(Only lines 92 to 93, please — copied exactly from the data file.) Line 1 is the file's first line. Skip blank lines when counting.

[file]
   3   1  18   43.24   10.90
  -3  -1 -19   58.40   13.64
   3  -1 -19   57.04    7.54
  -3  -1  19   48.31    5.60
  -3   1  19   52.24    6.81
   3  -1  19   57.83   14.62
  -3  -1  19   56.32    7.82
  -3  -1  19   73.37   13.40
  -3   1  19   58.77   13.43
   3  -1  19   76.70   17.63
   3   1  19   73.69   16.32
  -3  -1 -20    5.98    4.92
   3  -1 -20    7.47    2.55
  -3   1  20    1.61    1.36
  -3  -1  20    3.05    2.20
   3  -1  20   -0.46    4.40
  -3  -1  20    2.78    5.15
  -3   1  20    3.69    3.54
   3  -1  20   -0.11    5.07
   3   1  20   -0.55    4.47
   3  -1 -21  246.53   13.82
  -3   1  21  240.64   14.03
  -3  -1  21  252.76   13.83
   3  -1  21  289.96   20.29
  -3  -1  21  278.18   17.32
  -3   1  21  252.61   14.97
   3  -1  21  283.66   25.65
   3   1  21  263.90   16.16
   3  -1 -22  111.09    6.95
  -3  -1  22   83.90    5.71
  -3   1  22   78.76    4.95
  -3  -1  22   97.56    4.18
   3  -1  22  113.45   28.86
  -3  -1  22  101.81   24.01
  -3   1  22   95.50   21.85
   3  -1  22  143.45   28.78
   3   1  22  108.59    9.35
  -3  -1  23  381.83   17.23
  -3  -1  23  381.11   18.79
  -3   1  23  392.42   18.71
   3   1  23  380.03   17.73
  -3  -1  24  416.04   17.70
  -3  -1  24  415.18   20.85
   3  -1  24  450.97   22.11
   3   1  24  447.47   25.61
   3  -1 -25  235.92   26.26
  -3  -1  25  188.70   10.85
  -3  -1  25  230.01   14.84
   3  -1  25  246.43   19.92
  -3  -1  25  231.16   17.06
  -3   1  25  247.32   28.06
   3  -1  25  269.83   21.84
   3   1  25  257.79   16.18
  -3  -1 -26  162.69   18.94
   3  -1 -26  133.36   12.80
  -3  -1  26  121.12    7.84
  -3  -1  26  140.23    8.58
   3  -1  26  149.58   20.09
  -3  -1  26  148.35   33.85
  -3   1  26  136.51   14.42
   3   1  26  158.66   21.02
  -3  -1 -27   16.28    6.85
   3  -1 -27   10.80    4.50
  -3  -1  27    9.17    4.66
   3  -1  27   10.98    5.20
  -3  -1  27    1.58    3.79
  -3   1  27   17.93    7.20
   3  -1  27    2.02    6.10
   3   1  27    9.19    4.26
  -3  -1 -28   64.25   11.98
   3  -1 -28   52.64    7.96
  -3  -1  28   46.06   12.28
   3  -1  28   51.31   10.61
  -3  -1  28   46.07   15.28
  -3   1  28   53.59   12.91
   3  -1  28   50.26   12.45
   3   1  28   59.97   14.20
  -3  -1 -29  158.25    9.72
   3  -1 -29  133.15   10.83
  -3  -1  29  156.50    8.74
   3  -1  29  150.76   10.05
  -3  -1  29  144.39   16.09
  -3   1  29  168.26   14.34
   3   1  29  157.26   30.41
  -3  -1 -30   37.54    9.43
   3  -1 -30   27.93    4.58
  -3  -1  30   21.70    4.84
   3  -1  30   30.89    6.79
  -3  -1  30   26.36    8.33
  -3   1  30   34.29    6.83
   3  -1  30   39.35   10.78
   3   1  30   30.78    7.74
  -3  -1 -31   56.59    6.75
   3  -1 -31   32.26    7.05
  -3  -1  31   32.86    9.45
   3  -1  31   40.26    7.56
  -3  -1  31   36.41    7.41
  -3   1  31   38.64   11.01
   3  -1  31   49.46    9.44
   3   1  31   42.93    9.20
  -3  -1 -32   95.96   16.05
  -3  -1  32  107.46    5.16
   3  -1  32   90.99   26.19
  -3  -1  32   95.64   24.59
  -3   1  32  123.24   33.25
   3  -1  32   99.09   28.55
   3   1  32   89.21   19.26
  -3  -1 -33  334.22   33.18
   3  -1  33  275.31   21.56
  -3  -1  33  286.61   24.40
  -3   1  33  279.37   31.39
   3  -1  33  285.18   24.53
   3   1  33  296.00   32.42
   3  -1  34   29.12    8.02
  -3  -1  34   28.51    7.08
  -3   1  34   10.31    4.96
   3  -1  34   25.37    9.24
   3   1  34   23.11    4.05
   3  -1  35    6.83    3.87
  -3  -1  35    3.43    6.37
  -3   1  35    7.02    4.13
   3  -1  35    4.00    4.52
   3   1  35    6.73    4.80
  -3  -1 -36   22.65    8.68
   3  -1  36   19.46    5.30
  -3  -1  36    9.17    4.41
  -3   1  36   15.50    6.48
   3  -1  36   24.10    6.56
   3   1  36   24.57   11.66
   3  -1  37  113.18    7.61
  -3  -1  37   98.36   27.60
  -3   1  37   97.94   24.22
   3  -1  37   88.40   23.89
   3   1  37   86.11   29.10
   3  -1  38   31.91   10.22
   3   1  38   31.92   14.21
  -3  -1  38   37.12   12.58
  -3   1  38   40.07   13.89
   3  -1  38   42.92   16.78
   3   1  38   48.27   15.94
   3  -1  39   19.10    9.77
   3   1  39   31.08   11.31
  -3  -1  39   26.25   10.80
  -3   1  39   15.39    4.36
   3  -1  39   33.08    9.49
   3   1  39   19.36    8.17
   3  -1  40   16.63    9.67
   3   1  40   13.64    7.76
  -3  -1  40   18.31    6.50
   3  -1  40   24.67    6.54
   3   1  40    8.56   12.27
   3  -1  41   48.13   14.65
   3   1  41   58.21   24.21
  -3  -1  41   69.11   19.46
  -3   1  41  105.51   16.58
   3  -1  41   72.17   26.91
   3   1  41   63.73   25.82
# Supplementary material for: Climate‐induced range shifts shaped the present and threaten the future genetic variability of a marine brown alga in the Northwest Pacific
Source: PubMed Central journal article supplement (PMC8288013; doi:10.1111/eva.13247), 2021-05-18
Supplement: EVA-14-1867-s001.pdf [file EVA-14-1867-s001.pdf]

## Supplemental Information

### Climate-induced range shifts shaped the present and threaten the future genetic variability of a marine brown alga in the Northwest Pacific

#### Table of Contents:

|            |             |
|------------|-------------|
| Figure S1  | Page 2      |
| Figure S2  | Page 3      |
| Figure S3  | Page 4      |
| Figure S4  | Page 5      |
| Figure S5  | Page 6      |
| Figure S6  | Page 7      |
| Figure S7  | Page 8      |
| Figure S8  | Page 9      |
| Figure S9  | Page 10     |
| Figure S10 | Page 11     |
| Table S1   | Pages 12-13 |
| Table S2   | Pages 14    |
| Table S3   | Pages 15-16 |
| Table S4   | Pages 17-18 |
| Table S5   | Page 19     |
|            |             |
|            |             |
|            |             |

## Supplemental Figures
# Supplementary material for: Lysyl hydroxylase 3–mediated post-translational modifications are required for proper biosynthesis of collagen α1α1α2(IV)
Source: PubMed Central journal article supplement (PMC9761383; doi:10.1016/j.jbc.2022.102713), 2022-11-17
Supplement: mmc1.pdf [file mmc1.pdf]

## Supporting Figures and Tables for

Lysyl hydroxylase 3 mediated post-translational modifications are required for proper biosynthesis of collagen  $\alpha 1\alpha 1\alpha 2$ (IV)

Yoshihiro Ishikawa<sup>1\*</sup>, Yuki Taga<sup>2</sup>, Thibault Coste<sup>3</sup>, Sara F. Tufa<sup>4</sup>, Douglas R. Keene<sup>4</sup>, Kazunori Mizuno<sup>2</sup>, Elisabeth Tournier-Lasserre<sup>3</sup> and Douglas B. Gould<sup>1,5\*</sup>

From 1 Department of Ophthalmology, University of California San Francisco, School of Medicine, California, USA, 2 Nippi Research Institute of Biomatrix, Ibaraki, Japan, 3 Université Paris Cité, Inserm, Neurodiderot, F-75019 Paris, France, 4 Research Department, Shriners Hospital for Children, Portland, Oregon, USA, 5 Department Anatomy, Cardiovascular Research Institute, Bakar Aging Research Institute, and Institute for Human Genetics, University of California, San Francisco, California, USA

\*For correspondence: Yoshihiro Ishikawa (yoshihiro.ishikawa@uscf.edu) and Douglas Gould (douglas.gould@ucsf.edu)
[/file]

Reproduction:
   3   1  30   30.78    7.74
  -3  -1 -31   56.59    6.75